Delivering the goods

While online retail giants have already eliminated hundreds of thousands of sales clerks by radically restructuring how consumers make purchases, AI systems are poised to gobble up the jobs transporting those products. The first big targets are America's truckers, who number 1.8 million and have some of the few remaining, decent-paying jobs not requiring college degrees. Engineers at Google, Uber, et al. are rolling out prototypes for driver-less trucks that can crisscross the country without rest breaks, sleep, or days off.

Amazon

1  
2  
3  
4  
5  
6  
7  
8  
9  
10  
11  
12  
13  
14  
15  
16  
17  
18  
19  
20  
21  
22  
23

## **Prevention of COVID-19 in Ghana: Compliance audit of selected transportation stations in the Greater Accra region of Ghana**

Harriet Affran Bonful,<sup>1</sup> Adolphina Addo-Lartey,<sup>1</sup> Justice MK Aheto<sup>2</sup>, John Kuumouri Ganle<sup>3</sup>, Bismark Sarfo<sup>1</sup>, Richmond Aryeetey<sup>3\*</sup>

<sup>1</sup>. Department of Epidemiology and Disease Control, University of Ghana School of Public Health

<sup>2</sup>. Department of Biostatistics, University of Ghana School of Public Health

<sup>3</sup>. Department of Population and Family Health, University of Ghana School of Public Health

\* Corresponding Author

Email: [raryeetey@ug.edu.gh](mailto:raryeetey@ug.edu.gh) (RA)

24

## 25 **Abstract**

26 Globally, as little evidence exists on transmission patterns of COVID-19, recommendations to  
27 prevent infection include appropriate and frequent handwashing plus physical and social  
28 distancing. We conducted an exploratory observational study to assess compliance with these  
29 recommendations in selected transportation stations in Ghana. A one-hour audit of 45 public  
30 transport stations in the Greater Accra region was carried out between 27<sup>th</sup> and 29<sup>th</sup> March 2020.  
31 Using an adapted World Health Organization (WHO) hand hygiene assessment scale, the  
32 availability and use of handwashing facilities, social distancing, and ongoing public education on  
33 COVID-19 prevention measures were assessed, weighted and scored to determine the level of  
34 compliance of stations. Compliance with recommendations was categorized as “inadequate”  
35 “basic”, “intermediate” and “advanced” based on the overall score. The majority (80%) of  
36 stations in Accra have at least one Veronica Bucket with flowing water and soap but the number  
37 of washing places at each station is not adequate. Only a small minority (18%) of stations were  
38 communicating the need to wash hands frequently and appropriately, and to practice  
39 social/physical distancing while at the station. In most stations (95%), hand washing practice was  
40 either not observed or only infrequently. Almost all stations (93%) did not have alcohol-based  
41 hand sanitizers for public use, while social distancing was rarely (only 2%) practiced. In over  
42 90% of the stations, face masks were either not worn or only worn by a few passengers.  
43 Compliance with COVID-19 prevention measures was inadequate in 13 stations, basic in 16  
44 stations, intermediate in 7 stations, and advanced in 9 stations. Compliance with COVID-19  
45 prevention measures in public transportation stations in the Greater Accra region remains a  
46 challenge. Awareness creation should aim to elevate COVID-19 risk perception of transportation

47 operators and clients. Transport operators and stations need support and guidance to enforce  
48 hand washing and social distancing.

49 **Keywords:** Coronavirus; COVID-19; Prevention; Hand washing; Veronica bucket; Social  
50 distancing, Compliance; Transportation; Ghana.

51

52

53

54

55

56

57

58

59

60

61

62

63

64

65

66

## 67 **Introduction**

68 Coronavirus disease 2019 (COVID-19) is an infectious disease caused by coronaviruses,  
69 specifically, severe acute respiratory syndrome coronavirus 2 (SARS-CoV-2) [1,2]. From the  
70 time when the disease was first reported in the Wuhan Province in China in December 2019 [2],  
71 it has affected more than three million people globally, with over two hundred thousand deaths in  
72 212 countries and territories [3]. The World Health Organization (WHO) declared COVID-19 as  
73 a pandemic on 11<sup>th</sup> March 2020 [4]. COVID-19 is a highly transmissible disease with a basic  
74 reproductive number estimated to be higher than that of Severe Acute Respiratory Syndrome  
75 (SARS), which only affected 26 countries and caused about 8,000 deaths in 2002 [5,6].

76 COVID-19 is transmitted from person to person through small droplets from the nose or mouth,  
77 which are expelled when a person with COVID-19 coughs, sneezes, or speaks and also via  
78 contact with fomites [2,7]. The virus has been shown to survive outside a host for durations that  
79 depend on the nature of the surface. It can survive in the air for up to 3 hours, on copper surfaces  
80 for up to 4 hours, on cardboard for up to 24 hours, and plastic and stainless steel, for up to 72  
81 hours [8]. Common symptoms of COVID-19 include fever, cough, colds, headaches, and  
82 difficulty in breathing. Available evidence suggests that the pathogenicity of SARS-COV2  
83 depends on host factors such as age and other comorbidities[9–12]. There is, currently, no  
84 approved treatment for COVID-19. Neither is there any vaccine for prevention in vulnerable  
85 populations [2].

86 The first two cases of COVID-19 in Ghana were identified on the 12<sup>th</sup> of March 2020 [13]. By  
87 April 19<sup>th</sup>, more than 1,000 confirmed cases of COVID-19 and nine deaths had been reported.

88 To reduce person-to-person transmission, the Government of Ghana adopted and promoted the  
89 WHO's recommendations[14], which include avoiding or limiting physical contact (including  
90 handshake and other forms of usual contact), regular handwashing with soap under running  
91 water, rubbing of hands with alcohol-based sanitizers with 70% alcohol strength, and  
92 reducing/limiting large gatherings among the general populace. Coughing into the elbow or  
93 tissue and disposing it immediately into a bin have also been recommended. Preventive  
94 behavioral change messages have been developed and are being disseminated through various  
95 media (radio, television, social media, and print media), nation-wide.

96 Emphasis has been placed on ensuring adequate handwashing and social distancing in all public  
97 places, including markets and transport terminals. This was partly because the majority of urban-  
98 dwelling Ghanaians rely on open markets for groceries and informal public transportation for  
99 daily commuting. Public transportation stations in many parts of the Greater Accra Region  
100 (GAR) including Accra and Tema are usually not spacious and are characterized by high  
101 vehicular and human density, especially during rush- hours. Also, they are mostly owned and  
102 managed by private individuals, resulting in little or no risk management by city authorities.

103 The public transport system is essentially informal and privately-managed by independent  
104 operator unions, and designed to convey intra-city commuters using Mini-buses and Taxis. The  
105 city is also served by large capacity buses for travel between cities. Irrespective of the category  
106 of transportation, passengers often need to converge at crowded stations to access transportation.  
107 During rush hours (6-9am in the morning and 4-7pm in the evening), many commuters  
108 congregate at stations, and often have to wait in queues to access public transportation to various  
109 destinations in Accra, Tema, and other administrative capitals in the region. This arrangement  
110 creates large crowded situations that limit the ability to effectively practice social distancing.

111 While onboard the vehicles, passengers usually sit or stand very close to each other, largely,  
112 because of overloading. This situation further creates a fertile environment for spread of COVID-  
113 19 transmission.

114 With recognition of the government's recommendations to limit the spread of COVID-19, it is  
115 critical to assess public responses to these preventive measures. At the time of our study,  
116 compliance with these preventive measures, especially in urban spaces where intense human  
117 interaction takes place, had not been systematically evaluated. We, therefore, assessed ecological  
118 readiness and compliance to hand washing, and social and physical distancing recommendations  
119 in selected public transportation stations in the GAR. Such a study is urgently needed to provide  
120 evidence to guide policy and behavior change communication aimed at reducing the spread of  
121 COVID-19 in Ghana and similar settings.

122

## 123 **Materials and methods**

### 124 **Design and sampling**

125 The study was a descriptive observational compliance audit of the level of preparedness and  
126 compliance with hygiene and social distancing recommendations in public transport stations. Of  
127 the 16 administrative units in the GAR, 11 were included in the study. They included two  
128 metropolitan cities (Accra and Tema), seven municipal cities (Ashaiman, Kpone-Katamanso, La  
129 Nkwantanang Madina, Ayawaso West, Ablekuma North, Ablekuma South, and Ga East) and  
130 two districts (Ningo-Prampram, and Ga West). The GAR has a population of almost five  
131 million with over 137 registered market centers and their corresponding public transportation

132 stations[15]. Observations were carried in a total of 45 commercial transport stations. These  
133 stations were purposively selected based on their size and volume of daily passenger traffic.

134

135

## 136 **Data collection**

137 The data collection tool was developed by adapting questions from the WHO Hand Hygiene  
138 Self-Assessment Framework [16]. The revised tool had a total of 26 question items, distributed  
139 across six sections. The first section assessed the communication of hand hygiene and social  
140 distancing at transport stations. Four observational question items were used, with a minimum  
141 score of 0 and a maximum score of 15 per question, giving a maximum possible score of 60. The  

This corporate behemoth's focus on workplace "efficiency" has made it the poster-child job disrupter in the retail economy, maximizing robots to displace as many humans as possible, as soon as possible. Their massive warehouses are already buzzing hives of robots plucking millions of products from miles of shelves to fill online orders. More are coming. While Amazon staged a PR show in August around its nationwide "Job Day" event to hire 50,000 human workers, it has been expanding its current swarm of full-time robots. In 2012, it bought an artificial intelligence developer, now named Amazon Robotics, to breed its own line of androids, and by August had added another 55,000 of these creatures to its 100,000-strong warehouse workbot-force. Amazon is also pushing regulators to let it replace delivery workers with drones and is testing a chain of "Amazon Go" convenience stores "staffed" almost entirely by AI systems. And it just swallowed Whole Foods grocery chain, loudly promising lower prices but whispering the method: replacing clerks, stockers, et al. with robots.